Starting from scratch, how to embed computer vision techniques into your project
Blog: Smile - Le blog des consultants
A practical guide to answering this question: is this a screwdriver or a hammer?
Smile is the proud editor of ElasticSuite, a great Magento open-source extension, with more than a million downloads on Github and trusted by more than 1500 top retailers worldwide. It’s the leading solution for intelligent search and merchandising on Magento.
As part of this product road map, we have to test and experiment with new features.
You need a use case
A trend in e-commerce search solutions is visual search, which offers a different search experience using real-life images instead of text inputs. There are numerous visual search usages, from fashion, home decor retailers to DIY retailers.
So it is obvious for the ElasticSuite team to experiment with a visual search feature. Our use case was targeting DIY retailers to filter search results, suggest similar products based on an image uploaded by the user.
This experimentation was also for us to understand the challenges related to such technologies and estimate, only starting from the idea, the required effort to deliver something ready for production.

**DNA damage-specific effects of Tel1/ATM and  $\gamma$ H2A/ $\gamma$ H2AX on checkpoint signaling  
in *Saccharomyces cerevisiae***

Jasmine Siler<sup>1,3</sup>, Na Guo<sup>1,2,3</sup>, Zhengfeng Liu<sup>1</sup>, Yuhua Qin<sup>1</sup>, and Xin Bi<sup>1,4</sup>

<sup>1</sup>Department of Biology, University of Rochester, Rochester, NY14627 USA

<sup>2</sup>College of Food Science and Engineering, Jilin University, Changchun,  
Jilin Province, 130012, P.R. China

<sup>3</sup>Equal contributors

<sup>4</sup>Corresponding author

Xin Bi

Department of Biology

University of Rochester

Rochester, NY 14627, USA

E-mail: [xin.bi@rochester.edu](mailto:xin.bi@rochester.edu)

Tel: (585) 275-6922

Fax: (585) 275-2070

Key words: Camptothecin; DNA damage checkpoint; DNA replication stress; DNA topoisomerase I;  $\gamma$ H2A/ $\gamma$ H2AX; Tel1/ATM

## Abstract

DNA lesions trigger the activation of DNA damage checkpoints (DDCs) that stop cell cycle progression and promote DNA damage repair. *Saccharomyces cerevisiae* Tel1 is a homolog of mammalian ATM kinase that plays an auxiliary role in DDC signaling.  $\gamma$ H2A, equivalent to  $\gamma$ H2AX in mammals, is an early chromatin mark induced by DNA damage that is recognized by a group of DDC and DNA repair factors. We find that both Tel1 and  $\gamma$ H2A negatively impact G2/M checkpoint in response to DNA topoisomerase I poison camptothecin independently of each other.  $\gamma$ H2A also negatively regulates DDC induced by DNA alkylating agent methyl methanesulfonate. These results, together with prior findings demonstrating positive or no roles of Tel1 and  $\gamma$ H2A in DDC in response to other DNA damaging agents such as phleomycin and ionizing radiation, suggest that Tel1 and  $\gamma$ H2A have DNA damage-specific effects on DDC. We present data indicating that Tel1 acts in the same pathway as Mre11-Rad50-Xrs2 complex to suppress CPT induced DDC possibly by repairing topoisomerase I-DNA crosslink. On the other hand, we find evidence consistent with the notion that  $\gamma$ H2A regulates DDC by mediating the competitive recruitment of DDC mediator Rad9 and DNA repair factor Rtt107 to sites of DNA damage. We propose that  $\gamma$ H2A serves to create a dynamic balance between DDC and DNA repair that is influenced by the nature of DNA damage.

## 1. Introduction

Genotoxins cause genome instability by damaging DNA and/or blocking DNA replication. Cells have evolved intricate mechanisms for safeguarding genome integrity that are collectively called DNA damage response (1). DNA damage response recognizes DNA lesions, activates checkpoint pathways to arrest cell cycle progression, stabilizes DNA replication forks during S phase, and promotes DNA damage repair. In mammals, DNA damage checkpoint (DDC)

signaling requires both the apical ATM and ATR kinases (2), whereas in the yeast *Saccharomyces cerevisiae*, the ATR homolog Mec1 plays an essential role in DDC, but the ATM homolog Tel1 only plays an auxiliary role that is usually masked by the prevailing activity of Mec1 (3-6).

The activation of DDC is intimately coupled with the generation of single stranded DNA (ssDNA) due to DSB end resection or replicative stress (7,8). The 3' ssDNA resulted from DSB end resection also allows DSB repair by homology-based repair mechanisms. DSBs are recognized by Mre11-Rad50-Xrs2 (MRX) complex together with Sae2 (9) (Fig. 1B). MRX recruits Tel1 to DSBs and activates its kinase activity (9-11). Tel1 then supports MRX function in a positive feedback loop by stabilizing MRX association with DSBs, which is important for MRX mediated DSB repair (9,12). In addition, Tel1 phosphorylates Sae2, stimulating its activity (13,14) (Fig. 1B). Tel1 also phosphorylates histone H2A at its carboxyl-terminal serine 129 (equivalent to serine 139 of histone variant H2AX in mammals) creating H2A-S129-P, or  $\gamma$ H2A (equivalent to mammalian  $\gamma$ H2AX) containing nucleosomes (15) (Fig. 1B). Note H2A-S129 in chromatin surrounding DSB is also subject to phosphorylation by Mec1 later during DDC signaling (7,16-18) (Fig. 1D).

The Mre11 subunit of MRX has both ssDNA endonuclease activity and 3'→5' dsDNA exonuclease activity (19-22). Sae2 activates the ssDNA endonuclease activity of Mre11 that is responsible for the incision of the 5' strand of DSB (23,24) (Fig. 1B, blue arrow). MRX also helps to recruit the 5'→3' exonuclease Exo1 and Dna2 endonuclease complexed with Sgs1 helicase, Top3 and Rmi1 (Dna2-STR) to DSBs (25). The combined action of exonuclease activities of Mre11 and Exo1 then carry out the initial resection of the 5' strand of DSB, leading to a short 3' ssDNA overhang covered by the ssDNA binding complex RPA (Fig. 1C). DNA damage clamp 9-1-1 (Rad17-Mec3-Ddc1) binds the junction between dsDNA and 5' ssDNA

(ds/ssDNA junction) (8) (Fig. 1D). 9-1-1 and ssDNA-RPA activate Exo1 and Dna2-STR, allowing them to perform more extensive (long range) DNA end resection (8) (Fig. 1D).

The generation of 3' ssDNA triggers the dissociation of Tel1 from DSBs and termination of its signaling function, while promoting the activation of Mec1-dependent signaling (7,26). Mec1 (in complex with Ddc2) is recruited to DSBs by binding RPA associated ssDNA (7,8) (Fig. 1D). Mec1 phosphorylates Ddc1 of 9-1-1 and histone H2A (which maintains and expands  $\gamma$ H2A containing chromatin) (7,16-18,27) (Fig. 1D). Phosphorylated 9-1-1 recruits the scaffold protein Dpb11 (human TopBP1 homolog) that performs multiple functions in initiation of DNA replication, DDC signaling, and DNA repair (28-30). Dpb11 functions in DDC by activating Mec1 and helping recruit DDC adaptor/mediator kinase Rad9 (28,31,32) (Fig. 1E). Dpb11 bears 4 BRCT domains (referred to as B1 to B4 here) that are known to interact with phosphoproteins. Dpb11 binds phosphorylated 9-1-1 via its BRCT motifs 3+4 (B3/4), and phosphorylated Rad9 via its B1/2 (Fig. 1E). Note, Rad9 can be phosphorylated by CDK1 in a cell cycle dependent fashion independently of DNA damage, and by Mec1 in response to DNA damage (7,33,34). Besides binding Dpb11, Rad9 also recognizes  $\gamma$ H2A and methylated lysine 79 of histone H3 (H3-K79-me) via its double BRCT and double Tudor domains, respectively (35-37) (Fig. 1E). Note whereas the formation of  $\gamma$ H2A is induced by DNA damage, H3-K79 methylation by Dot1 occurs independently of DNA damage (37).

We decided to go step by step, targeting a simple version of this feature, narrowing the visual search capabilities. And based on this first experience, we would decide what would be the next steps.
This first experience was focused on this simple use-case: recognize a set of common objects available in a DIY retailer from real-life images.
As a first target, we chose this object list: screwdrivers, wheelbarrow, hammer, paintbrush, and driller.
And according to what can be found in these images, we can shape a search result of a retailer’s e-commerce website.
This use case will rely on the latest computer vision techniques (more precisely, object detection and deep learning): we want software capable of identifying, in a real-life image, objects of interest, then reporting their presence and position in this image.
Before anything else, what you need to know about computer vision
🤓 Here, I’m not going to explain the theoretical and practical of how computer vision techniques work. There is already a good amount of literature available for you to read, and we have covered it already in the past.
Instead, we will focus on the minimum required knowledge to use computer vision, especially deep learning techniques.
Becoming a teacher
First, we need to agree that machine learning techniques are based on learning. This means we have to become a teacher with all the required skills to know what to explain and how to explain it. We also need to make sure that what has been learned is what we were expecting.
To teach a machine to recognize objects using deep learning, we then have :
- to know what we want to recognize
- to collect a broad set of examples of what to recognize
- to define tests of successful learning
These elements are crucial, and their outcome is the most valuable part of this entire project: they represent the training data set.